Maybe Fast and furious it also gave us some of that, a certain connection with rebellions and frustrations, although its progressive conversion into blockbuster transnational (including Chinese capital) and billionaire makes any popular reading difficult. Before, the Torettos spent the day in a seedy family restaurant and garage, even stealing trucks to get paid for adjustments that made their cars faster and faster. In the most recent films, they move through the scenes of global capitalism using planes chartered by intelligence services.

Still, despite the contradictions, Fast and furious 9 it plays the card (superficial, populace) of the class struggle. Again, the characters played by Diesel, Michelle Rodriguez or Jordana Brewster fight against techno-terrorists, dreamers of a new world order to build with high-tech weapons as in the most fanciful James Bond films. This time, one of the baddies is one of those “spoiled rich kids who rule the world.” And what better than the alleged biceps working class hero Vin Diesel, and the power of some car made in the old industrial city of Detroit, to achieve a (nostalgic) preservation of an order that perhaps no longer exists?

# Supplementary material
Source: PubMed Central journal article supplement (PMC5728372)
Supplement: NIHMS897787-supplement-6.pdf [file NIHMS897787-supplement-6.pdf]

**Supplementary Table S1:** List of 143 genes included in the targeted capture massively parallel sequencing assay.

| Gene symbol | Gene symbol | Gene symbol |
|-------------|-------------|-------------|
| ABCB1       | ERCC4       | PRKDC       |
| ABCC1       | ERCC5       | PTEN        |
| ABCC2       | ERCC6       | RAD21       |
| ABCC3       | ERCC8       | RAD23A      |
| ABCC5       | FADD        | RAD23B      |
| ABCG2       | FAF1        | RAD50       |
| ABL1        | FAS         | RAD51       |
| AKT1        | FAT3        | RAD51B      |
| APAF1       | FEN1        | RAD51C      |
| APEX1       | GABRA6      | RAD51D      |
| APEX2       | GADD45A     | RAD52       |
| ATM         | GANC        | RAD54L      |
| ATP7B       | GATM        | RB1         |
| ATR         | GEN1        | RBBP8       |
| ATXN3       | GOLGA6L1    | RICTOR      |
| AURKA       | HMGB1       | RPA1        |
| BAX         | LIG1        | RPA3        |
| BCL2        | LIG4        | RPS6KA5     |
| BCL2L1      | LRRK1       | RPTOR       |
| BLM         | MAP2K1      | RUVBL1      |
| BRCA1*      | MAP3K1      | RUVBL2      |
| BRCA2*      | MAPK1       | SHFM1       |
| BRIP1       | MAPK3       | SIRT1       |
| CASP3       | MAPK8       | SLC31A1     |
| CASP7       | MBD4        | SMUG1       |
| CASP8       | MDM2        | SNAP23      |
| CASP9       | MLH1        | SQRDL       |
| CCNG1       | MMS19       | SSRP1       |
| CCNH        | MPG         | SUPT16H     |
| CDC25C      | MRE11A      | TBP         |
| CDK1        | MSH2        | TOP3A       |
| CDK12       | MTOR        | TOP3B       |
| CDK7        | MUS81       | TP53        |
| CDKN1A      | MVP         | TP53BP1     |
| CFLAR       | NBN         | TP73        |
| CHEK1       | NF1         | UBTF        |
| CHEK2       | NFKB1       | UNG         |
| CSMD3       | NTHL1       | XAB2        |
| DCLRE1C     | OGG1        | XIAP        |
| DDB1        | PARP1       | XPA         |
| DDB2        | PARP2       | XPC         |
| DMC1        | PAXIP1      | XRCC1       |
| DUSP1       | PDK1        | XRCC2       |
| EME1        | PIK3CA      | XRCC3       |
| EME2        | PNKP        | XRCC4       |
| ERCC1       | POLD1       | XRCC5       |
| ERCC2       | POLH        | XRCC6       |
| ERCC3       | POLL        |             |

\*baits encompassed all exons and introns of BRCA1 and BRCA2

But there are traces of that old world in the history of the saga. The strange rise of Toretto and company refers to the very old social elevator of the ghettos: the enlistment in the army or in the police forces as a way to partially escape from segregation and social exclusion. In order to stop resorting to robbery, Toretto and his friends have had to become an unlikely anti-terrorist strike group, implausibly capable (in driving, in hand-to-hand fighting, in the use of firearms and in whatever it does. missing), at the service of the American pax.

The protagonists are also at the service of the family and the faith. Abandoned the criminal career and the lax vision of what private property is, they exert a conservative force. Mind you: they don’t project Hollywood’s self-defensive bunkerization from the war on terror onward, but embrace inclusive loyalties and ties beyond biological family and romantic love. In this regard, they qualify some fantasies with airs of christian movie What The Warren File: The Enfield Case or A peaceful place, where the nuclear family seems the only safe space. Be that as it may, the human factor of the burning tires franchise seems more and more routine (or even cynical), as the characters are blurred in long scenes of crazy and spectacular action.